Plaintiff also alleges violations of 16 CFR § 660.3 and 660.4, both enacted pursuant to 15 U.S.C. § 1681s–2(a)(3) and 15 U.S.C. § 1681s–2(e). 16 C.F.R. part 660 contains regulations enacted by the Federal Trade Commission (“FTC”) that establish certain duties on furnishers of credit information after they receive notice of a dispute from a consumer. These new regulations became effective on July 1, 2010, and would perhaps address the scenario in the instant matter. These new regulations, however, do not create a private right of action. By its terms, Part 660 “applies to furnishers of information to consumer reporting agencies that are subject to administrative enforcement of the FCRA by the Federal Trade Commission pursuant to 15 U.S.C. 1681s(a)(1).” 16 C.F.R. § 660.1. Moreover, the regulations were enacted pursuant to 15 U.S.C. § 1681s–2(a)(3) and 15 U.S.C. § 1681s–2(e), both of which are removed from the private enforcement mechanism provided in 15 U.S.C. § 1681n and 15 U.S.C. § 1681o. See 15 U.S.C. § 1681s–2(c) ( “[S]ections 1681n and 1681o of this title do not apply to any violation of subsection (a) of this section, including any regulations issued thereunder; [or] subsection (e) of this section.”) The new FTC regulations contained in 16 C.F.R. 660 do not create a private right of action. Accordingly, Plaintiff's claims under these regulations are dismissed, without prejudice.


B. Jurisdiction

*6 Because the Court has dismissed each of Plaintiff's FCRA claims as set forth above, the Court must inquire as to whether it has jurisdiction to hear the remaining claims in this matter. Though not raised by Defendant, the Court notes that it not only has a right but a duty to inquire sua sponte into whether subject matter jurisdiction exists if the basis of such jurisdiction appears questionable as in this case. See Roche v. Lincoln Prop. Co., 373 F.3d 610, 621 (4th Cir.2004), reversed on other grounds by Lincoln Property Co. v. Roche, 546 U.S. 81 (2005) (“Because the parties may not waive or consent to federal subject matter jurisdiction-indeed we must raise sua sponte if jurisdiction appears questionable.”)


This Court has proper federal question jurisdiction pursuant to the FCRA. See 15 U.S.C. § 1681p (“An action to enforce any liability created under this subchapter may be brought in any appropriate United States district court, without regard to the amount in controversy.”); 28 U.S.C. § 1331. Dismissal of the FCRA claims, however, eliminates federal question jurisdiction. The Court, then, examines whether proper diversity jurisdiction exists in this case.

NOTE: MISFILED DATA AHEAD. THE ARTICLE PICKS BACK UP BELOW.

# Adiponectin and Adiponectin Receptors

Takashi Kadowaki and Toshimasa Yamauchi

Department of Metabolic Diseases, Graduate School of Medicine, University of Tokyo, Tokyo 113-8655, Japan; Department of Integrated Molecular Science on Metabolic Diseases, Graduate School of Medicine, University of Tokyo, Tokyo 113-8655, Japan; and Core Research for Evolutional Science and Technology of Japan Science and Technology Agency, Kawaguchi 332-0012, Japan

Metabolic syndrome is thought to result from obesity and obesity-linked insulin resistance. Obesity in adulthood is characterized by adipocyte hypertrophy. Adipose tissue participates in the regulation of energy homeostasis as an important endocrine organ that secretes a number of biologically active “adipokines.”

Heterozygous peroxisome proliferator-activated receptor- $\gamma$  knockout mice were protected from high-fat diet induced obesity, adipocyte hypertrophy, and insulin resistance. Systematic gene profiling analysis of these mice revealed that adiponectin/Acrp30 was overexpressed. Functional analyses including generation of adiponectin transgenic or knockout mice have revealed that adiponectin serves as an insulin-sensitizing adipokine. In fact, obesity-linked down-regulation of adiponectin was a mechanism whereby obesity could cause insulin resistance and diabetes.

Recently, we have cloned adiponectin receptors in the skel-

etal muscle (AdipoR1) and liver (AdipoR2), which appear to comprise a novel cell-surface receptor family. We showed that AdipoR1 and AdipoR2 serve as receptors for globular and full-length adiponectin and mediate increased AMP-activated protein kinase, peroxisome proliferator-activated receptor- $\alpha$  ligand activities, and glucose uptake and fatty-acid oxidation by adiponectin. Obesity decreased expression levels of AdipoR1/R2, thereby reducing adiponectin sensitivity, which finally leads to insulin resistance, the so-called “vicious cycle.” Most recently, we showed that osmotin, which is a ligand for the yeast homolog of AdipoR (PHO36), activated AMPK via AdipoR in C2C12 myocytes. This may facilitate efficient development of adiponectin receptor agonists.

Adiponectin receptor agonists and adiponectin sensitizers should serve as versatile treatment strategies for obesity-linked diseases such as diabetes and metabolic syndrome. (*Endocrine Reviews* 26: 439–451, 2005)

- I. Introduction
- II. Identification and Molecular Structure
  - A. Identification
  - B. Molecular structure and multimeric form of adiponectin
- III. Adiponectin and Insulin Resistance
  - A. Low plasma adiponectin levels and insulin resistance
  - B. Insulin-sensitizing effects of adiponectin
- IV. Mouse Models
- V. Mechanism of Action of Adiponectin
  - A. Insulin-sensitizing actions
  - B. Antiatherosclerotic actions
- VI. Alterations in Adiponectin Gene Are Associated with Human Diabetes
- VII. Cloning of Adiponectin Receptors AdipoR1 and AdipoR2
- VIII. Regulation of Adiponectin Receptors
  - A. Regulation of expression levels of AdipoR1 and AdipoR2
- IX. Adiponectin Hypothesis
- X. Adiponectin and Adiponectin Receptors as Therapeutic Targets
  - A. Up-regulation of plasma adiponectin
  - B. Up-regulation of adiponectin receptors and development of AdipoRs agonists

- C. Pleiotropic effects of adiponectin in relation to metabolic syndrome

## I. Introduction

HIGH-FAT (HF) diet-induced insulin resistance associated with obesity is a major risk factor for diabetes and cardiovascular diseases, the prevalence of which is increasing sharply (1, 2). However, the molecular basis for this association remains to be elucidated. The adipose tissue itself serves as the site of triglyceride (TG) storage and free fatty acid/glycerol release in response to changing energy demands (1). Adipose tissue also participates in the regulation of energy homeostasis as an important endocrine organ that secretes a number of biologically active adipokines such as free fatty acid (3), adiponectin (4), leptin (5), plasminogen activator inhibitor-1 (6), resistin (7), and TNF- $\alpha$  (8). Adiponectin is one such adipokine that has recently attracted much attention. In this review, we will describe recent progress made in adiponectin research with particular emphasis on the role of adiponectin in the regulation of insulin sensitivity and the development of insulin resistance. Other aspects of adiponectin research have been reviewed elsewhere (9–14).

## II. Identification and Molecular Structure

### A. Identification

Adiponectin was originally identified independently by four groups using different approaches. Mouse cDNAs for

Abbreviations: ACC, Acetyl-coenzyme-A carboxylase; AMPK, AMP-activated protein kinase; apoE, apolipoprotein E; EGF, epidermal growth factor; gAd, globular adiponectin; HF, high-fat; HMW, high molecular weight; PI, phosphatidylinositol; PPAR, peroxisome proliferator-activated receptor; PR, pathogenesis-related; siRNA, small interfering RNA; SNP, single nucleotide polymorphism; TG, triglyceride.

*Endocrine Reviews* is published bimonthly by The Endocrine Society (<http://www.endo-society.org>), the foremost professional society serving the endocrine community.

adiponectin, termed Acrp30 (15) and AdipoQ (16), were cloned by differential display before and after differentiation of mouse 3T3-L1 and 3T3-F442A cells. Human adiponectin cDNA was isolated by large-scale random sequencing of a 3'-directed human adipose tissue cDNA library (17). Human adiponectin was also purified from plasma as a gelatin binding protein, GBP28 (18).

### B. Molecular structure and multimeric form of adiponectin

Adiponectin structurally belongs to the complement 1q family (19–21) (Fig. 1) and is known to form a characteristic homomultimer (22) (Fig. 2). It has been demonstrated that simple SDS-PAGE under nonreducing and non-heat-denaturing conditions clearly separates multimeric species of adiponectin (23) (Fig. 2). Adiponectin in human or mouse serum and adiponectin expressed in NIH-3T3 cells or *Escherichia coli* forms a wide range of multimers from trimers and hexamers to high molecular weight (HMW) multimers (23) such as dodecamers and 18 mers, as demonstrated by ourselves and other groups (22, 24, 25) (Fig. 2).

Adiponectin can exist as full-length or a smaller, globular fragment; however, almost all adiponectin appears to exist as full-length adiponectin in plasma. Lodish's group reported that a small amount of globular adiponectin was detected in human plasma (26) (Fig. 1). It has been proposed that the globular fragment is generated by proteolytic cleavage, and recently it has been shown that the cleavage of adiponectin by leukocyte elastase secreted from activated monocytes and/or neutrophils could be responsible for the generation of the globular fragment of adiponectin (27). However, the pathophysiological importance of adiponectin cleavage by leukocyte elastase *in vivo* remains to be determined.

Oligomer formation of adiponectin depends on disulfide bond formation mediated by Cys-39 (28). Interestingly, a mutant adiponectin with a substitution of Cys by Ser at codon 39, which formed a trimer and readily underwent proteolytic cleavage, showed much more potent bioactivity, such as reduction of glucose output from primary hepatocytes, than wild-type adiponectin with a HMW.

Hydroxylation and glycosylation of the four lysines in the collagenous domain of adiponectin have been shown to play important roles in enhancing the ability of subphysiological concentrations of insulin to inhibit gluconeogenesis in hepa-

Federal subject matter jurisdiction exists when there is diversity of citizenship between the parties and more than $75,000 in controversy, pursuant to 28 U.S.C. § 1332. In this case, the parties appear to be diverse—Plaintiff is a resident of Virginia and, according to Plaintiff's Complaint, Defendant is a corporation with a mailing address in Dallas, Texas. Plaintiff's Complaint and his Civil Cover Sheet [Dkt. 1–4] submitted with his Complaint, however, demand only $30,000 plus costs, and Plaintiff's Complaint does not allege any larger figure. Accordingly, the amount in controversy threshold is not met and this Court lacks jurisdiction pursuant to 28 U.S.C. § 1332.


Because there is no basis for diversity jurisdiction, and Plaintiff's dismissed FCRA claims were the sole claim over which this Court had jurisdiction, the Court addresses whether it will exercise supplemental jurisdiction over Plaintiff's Virginia state-law claims under 28 U.S.C. § 1367. All of Plaintiff's remaining claims are state-law claims arising out of the same operative facts: defamation, breach of contract, negligence, and VCPA.


The doctrine of supplemental jurisdiction provides that federal courts have discretion to retain or dismiss non-federal claims when the federal basis for an action is no longer applicable. See 28 U.S.C. § 1367 (codifying United Mine Workers of America v. Gibbs, 383 U.S. 715 (1966)). A district court has discretion to dismiss a case where the court “has dismissed all claims over which it has original jurisdiction.” 28 U.S.C. § 1367(c)(3). In the Fourth Circuit, “trial courts enjoy wide latitude in determining whether or not to retain jurisdiction over state claims when all federal claims have been extinguished.” Shanaghan v. Cahill, 58 F.3d 106, 110 (4th Cir.1995). Courts consider a number of factors in making this discretionary determination: “convenience and fairness to the parties, the existence of any underlying issues of federal policy, comity, and considerations of judicial economy.” Id. (citing Carnegie–Mellon University v. Cohill, 484 U.S. 343, 350 n. 7 (1998)). As the Shanaghan court states, “the doctrine of supplemental jurisdiction is a doctrine of flexibility, designed to allow courts to deal with cases involving pendent claims in the manner that most sensibly accommodates a range of concerns and values.” Shanaghan, 58 F.3d at 110 (citations omitted).


*7 Here, the Court has dismissed the claims over which it had federal subject matter jurisdiction. Given the nature of the state law claims at issue and in the interests of comity, this Court declines to exercise supplemental jurisdiction over the remaining state-law claims. Therefore, the remainder of Plaintiff's claims are dismissed for lack of subject matter jurisdiction, pursuant to Federal Rule of Civil Procedure 12(b)(1). The Court notes that nothing in the record appears to bar Plaintiff from initiating Virginia state litigation, and therefore Plaintiff is not without a forum in which to seek redress on his claims.



IV. Conclusion

For these reasons, the Court will grant Defendant's Motion to Dismiss Plaintiff's Complaint.


An appropriate Order will issue.


E.D.Va.,2010.
Craighead v. Nissan Motor Acceptance Corp.
Not Reported in F.Supp.2d, 2010 WL 5178831 (E.D.Va.)
David A. Szwak